Let your employees choose the training topics: Nobody knows your employees better than themselves. Therefore, let them choose the training that they need to do their job better. Letting employees choose their own training topics and targets also shows them that the organization cares about them. It helps build loyalty, and loyalty increases productivity. Loyal employees are more engaged. Engaged employees are more productive. When it comes down to it, letting employees choose training topics is a smart move for employee development and satisfaction.

Utilize internal and outside training resources: Formal training is the exception, rather than the rule at most advisory firms. But options for such formalized programs are diverse and can include such things as certifications and designations, technology systems training through vendor seminars and training on firmwide processes for critical tasks. Such programs can offer a boost to performance by expanding the skill set of employees as the firm grows. They can also help motivate staff and instill pride in their work. In sum, training programs can play a large role in enhancing both the qualitative and quantitative performance of the firm.

One of the biggest complaints that I hear from firm owners is that they don’t have the time or in-house resources to provide additional training outside of new-hire training. There are a number of vendors offering video-based and online training that can be accessed remotely. Custodians are a great resource for training seminars and industry conferences, both online and in person. Connect your employees with these programs and allow them the time and flexibility to attend and complete such programs. As a best practice, I do recommend that you ask your employees who attend industry seminars and conferences to report back to the team about the key takeaways and lessons, and to make recommendations as to how the information can be incorporated into the firm’s operations and practices. This type of learning and development goal can also make for an ideal individual incentive metric, and perhaps a financial reward for an employee taking personal responsibility for their career development.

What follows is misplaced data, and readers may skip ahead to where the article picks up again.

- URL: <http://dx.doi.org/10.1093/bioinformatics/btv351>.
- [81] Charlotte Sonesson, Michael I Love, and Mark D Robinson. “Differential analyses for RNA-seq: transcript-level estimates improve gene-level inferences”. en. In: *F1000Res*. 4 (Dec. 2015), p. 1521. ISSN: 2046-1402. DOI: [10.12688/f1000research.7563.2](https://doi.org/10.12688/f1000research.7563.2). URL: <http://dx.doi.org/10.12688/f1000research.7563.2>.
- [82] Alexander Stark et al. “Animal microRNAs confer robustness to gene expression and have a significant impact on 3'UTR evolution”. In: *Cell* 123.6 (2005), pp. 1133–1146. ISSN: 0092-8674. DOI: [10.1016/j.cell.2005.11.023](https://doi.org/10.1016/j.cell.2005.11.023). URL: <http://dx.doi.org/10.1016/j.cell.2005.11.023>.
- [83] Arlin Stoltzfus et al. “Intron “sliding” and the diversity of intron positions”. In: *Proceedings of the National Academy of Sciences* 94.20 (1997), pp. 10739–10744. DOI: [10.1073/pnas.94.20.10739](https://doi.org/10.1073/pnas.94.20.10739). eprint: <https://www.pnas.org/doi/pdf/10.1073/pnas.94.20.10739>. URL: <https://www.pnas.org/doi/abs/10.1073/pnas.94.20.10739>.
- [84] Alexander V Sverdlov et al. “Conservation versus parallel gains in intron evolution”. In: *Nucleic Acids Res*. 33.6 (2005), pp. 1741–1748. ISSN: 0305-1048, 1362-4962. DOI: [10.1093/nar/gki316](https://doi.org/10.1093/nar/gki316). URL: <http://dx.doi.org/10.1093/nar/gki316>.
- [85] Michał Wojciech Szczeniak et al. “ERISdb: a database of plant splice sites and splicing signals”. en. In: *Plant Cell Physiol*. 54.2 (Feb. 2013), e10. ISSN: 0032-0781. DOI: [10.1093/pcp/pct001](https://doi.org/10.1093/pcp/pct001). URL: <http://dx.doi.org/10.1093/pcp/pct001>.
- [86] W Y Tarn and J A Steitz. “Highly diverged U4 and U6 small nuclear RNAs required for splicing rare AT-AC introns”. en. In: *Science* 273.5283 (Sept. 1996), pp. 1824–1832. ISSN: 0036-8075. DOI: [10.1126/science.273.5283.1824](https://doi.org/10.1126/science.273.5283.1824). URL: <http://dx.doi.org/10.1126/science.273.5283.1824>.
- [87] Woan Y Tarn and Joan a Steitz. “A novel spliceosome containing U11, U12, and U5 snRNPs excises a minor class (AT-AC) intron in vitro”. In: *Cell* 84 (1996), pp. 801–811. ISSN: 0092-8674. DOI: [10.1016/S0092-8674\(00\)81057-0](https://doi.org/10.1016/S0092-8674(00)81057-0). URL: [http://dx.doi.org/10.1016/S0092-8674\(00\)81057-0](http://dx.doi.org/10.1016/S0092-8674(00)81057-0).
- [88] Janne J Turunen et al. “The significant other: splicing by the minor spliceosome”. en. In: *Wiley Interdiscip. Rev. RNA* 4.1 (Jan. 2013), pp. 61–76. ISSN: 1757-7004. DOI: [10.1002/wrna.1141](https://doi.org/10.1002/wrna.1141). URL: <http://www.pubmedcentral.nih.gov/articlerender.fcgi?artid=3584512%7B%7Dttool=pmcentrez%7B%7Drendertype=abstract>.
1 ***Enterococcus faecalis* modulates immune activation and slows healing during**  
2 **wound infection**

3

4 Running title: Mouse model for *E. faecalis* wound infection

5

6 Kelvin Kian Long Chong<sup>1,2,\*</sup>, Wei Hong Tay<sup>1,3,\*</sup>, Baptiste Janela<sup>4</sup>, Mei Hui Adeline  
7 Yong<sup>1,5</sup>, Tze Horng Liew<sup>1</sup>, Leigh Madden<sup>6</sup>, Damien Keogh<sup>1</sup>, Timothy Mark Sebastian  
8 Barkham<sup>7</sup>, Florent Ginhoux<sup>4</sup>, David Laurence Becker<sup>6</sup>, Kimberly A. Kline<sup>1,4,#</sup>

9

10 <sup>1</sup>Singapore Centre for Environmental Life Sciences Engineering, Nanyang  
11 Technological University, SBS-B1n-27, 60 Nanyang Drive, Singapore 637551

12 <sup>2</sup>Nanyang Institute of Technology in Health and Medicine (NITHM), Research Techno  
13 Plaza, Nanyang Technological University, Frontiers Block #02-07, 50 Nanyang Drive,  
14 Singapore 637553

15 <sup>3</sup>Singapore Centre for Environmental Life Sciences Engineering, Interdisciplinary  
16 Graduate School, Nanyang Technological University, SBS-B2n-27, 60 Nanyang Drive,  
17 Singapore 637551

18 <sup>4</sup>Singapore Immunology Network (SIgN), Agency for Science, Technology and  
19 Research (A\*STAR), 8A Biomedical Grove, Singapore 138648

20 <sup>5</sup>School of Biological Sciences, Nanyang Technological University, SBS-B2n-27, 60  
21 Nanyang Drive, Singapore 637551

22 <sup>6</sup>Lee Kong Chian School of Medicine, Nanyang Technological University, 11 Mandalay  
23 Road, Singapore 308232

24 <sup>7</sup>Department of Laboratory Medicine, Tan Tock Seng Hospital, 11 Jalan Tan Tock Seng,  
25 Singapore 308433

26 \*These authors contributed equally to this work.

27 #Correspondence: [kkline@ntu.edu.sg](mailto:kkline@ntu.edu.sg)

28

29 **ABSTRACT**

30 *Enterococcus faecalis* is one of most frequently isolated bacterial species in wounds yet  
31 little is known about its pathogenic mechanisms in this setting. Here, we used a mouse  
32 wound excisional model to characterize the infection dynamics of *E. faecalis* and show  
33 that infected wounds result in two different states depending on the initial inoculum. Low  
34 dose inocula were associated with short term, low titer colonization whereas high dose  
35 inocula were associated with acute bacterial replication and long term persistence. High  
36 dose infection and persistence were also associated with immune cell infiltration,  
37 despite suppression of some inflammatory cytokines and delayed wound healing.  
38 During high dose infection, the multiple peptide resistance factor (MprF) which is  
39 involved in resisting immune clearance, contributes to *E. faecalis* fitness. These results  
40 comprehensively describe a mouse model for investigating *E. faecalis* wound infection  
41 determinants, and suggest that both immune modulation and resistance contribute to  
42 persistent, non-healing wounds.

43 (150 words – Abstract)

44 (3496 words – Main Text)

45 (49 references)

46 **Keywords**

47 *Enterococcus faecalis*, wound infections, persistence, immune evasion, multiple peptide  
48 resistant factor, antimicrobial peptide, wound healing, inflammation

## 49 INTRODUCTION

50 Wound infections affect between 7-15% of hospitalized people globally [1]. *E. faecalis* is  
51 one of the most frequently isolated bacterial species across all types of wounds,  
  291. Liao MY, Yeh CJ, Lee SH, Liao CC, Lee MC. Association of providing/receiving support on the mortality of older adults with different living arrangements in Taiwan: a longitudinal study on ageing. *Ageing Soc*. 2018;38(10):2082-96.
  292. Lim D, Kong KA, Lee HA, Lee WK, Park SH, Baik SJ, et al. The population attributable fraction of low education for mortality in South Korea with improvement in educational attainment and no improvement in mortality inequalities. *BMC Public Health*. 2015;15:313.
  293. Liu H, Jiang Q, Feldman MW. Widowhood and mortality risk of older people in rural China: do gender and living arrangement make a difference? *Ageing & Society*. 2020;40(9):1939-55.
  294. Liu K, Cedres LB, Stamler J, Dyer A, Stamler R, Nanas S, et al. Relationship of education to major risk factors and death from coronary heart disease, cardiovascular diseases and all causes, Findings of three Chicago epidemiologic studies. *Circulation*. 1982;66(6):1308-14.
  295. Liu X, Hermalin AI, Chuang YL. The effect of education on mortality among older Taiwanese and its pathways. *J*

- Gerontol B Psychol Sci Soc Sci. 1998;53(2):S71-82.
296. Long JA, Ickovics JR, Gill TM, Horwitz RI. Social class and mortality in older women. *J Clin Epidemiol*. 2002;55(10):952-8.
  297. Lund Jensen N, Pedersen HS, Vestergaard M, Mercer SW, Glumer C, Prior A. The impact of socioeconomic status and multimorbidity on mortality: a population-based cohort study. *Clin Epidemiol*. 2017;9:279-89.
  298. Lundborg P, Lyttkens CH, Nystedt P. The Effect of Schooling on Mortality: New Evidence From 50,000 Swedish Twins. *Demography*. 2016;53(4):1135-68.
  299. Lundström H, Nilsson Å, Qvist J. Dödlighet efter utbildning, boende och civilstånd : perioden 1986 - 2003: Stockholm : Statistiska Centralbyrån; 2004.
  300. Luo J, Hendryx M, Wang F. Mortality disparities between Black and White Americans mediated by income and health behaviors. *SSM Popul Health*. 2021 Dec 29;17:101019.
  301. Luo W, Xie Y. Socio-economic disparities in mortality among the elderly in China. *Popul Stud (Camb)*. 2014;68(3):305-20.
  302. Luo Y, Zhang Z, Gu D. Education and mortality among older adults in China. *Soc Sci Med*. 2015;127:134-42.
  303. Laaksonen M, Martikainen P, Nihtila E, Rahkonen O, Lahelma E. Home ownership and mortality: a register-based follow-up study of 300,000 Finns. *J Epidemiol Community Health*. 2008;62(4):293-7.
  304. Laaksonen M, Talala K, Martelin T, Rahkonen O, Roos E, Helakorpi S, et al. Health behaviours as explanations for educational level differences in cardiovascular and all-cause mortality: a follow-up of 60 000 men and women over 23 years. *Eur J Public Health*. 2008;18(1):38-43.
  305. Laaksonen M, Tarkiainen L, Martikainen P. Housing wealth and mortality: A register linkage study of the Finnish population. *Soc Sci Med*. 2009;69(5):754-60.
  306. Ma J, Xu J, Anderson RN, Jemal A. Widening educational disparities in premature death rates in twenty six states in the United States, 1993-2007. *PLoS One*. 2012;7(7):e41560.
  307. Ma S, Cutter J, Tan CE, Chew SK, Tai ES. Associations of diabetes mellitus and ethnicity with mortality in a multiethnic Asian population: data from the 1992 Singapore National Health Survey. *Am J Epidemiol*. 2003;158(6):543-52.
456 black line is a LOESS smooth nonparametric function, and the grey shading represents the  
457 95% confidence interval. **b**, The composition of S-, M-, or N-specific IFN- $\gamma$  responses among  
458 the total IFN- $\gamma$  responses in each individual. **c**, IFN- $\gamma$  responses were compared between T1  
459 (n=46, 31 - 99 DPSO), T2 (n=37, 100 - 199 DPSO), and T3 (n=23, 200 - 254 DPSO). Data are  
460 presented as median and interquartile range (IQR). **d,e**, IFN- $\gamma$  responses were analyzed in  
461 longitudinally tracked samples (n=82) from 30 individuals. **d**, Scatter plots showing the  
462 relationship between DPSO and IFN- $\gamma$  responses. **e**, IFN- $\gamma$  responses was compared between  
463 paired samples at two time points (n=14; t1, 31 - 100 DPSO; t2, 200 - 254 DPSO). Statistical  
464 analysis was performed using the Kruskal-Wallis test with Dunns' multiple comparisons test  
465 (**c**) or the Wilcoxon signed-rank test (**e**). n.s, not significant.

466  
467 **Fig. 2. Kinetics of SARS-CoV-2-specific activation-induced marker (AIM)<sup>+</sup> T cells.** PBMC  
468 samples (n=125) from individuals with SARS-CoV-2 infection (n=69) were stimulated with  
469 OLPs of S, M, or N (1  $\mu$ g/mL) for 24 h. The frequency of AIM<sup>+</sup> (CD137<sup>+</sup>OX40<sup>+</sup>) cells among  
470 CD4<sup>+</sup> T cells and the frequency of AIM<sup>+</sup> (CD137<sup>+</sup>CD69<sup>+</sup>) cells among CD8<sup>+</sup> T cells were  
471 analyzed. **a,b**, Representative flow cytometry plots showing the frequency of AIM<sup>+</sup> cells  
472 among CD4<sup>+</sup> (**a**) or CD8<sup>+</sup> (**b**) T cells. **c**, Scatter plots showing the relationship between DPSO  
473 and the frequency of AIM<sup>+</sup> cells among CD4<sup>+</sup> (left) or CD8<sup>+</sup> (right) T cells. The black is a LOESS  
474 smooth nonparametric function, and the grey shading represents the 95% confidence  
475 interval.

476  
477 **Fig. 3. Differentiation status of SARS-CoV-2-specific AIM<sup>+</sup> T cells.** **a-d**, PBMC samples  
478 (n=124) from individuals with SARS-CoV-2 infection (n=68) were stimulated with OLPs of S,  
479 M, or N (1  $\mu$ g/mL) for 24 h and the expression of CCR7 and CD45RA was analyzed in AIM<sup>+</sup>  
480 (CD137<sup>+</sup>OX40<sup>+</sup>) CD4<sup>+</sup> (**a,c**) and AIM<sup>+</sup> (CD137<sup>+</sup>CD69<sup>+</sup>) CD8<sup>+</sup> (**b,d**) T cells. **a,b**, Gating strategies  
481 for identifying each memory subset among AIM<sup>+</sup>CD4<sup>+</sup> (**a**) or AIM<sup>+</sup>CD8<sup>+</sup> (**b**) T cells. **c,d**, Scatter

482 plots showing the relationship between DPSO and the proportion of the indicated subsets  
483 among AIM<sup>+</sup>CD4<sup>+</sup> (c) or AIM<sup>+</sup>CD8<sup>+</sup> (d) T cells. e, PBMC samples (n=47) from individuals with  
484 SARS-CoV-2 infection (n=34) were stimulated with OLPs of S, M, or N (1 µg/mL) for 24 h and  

Start mentorship programs: One way to encourage ongoing training is to develop a mentorship program. Mentorship programs look different in all organizations, but in theory, mentorships pair junior-level employees with more senior professionals in the firm. The purpose of these programs is engage employees and to close knowledge gaps in the firm. I am encouraged to see more firms adopting ad hoc or more formal mentoring programs to help develop future leaders at the firm. For firms that don’t have mentorship programs, there are a number of industry organizations that offer resources. The Financial Planning Association offers MentorMatch and The National Association of Professional Financial Advisors offers Mentor Engage. These programs provide opportunities to connect individuals both as mentors and mentees.

On a final note, establishing training and developing programs in your firm will make you more attractive to younger talent when you are ready to fill a position. Recruits that are newer to the job market believe in the value of training and want the opportunity to advance their careers. They are aware of the competitive world they live in, and want a job that provides training opportunities that can satisfy their need to stay ahead of the curve.

A survey conducted by PwC asked millennials, “Which of the following characteristics make an organization compelling to work for?" Just over half (52%) noted opportunities for career progression as an attractive characteristic in an employer. That ranked higher than monetary compensation (44% listed competitive wages and financial incentives as a compelling factor). Excellent training and development programs came in third, with 35% of millennials noting it as an appealing draw.

If your overall human capital strategy does not place training and career development as a top priority, you will be at a competitive disadvantage at not only retaining top talent but recruiting it as well.

Employees are an investment, not an expense. While the investment in continuing education and training may seem expensive, it’s pennies when compared to the cost of losing an employee and hiring a replacement. This should be the mantra as advisory firms consider the challenge of employee development and retention. To get the best work from your employees, you have to invest in your investment. Creating a loyal, skilled and motivated staff does not just happen overnight. It requires a disciplined plan with developmental training, continued learning and steady follow-through.